Brand Communication & Strategy for New Balance
Another installment in this fascinating series. Bob Sheard, founder of FreshBritain, a London based creative agency working with the likes of Nike, Levis, Dr Martens, Arc’Teryx and UVU, discusses the difference between Communication & Strategy. Here he uses sportswear label New Balance as an example case study, “It is all about having a strategic platform which relates to a brand’s truth from which you can then create the platform for what you ‘say’ and more importantly what you ‘do’. Therein lies the long-term health of a brand.” The series also offers a look at marketing newcomer UVU, the full story over here. Catch-up with the first installment, Brand Authority – Nike ACG, here.
Read more on New Balance after the jump
If someone walks into a party and announces to the room “I’m cool” you immediately know they are the most un-cool person there. If you’re in a crowded room, it’s more often than not the quietest person that has the most presence. It’s hardly ever the loudest. It’s the person who carries themselves the most. There’s a lesson here for brands to learn. There’s a difference between communication and noise. Communication must be more than just words. It has to be true. It is very intangible, but brands should understand that they need presence and not just noise.
For Communication to be more than noise it needs to be underpinned by strategy, and strategy defines behaviour
Brands have to behave in a certain way, but not talk about how they behave. Fresh Partner Bob Sheard is passionate about this: “Boxfresh used to have the tagline ‘We are you’. We told them you don’t tell people you are them – you prove you are like them by how you behave!”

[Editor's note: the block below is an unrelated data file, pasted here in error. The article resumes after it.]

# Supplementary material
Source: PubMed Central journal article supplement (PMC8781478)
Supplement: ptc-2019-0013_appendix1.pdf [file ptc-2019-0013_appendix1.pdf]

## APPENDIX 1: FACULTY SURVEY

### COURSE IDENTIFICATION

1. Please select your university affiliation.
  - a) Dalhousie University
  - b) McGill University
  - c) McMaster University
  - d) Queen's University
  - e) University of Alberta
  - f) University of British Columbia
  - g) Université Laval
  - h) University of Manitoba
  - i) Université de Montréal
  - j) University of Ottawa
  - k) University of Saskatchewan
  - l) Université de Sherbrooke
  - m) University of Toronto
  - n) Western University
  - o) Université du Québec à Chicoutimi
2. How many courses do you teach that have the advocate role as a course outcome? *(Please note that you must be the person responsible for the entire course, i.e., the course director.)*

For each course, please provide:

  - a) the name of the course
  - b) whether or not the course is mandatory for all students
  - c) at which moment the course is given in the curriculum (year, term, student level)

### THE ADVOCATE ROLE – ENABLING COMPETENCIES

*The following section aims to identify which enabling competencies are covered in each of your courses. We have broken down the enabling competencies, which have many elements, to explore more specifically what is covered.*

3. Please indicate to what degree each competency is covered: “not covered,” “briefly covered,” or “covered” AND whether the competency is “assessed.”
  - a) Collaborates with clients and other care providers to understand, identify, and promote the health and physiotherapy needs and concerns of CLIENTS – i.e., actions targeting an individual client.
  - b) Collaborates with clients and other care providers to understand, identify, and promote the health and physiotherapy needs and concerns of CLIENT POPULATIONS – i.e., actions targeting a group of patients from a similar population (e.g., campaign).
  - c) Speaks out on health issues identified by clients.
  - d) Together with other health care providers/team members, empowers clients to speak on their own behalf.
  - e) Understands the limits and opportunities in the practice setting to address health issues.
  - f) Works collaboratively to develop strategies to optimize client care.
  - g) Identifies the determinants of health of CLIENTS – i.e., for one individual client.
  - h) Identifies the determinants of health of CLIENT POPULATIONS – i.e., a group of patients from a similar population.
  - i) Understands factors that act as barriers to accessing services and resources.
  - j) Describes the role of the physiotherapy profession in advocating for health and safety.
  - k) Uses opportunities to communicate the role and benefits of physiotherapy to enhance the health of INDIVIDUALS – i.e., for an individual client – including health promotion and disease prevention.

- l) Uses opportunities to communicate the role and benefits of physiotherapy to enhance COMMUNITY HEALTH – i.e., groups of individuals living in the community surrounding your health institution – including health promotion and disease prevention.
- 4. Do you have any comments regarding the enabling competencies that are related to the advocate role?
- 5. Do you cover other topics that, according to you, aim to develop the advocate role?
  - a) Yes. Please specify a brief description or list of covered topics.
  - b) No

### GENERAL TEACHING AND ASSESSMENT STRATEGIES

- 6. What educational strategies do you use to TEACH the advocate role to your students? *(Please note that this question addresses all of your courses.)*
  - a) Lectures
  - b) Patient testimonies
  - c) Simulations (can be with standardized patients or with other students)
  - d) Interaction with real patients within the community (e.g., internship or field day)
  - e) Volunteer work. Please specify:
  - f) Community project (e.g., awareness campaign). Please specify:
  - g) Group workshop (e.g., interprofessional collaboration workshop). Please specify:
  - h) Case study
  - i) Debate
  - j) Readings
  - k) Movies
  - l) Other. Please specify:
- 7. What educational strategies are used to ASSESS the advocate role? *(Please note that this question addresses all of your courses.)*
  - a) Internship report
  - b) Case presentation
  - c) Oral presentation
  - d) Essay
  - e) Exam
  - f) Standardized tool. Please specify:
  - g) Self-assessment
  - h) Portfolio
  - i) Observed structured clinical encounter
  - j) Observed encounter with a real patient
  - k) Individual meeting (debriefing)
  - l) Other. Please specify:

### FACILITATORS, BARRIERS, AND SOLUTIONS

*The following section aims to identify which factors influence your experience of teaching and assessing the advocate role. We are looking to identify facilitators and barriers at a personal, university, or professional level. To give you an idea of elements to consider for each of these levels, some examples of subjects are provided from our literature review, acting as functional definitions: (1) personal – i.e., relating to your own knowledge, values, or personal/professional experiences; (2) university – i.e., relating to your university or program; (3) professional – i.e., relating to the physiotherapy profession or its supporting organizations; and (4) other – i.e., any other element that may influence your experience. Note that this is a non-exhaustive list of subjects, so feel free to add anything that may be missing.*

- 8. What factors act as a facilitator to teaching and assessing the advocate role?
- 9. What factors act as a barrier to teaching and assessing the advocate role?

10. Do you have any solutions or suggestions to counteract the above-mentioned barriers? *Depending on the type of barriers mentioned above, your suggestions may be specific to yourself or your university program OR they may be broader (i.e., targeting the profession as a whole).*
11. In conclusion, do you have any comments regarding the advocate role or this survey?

The difference between what a brand ‘says’ and what a brand ‘does’ is key.
When we worked with New Balance we were able to turn them into the anti-fashion shoe.
Perversely we knew the ‘anti-fashion’ route was successful when half the designers at Milan and New York fashion week were wearing New Balance at the end of their shows on the catwalk. That may appear as if it’s a contradiction, but designers don’t want to be defined by the status quo, and anti-fashion in fashion is definitely not the status quo.
“We were able to make them the anti-fashion brand by focusing on what New Balance did really well rather than talking them up all the time. They didn’t need that. New Balance don’t sponsor athletes. Secondly, they try to source, manufacture and create their components in each specific country the shoes are sold, for example the USA, UK or Japan. That’s important. It ticks the provenance box for a start and is a perfect example of a brand ‘doing’ and not needing to sugarcoat it with words. New Balance behaved in a manner that was the antitheses of fashion and sports brands but never spoke about it.”
The real benefit to brands who act in the right manner, rather than just communicating it, is that once they achieve this they create so much more brand equity and credibility. It’s a very powerful and robust brand position. It’s not so much communicating what the brand says about itself, it’s getting the brand to behave over a length of time in a consistent way that enables people to draw their own conclusions. That’s more powerful than an ill-conceived tagline or slick, short term marketing campaign.
If an agency comes up with a great idea without immersing itself in a brand’s behaviour, then what they have is a campaign and not a strategy. Effectively the brand knows what to ‘say’ but not what to ‘do’.
It is all about having a strategic platform which relates to a brand’s truth from which you can then create the platform for what you ‘say’ and more importantly what you ‘do’.
Therein lies the long-term health of a brand.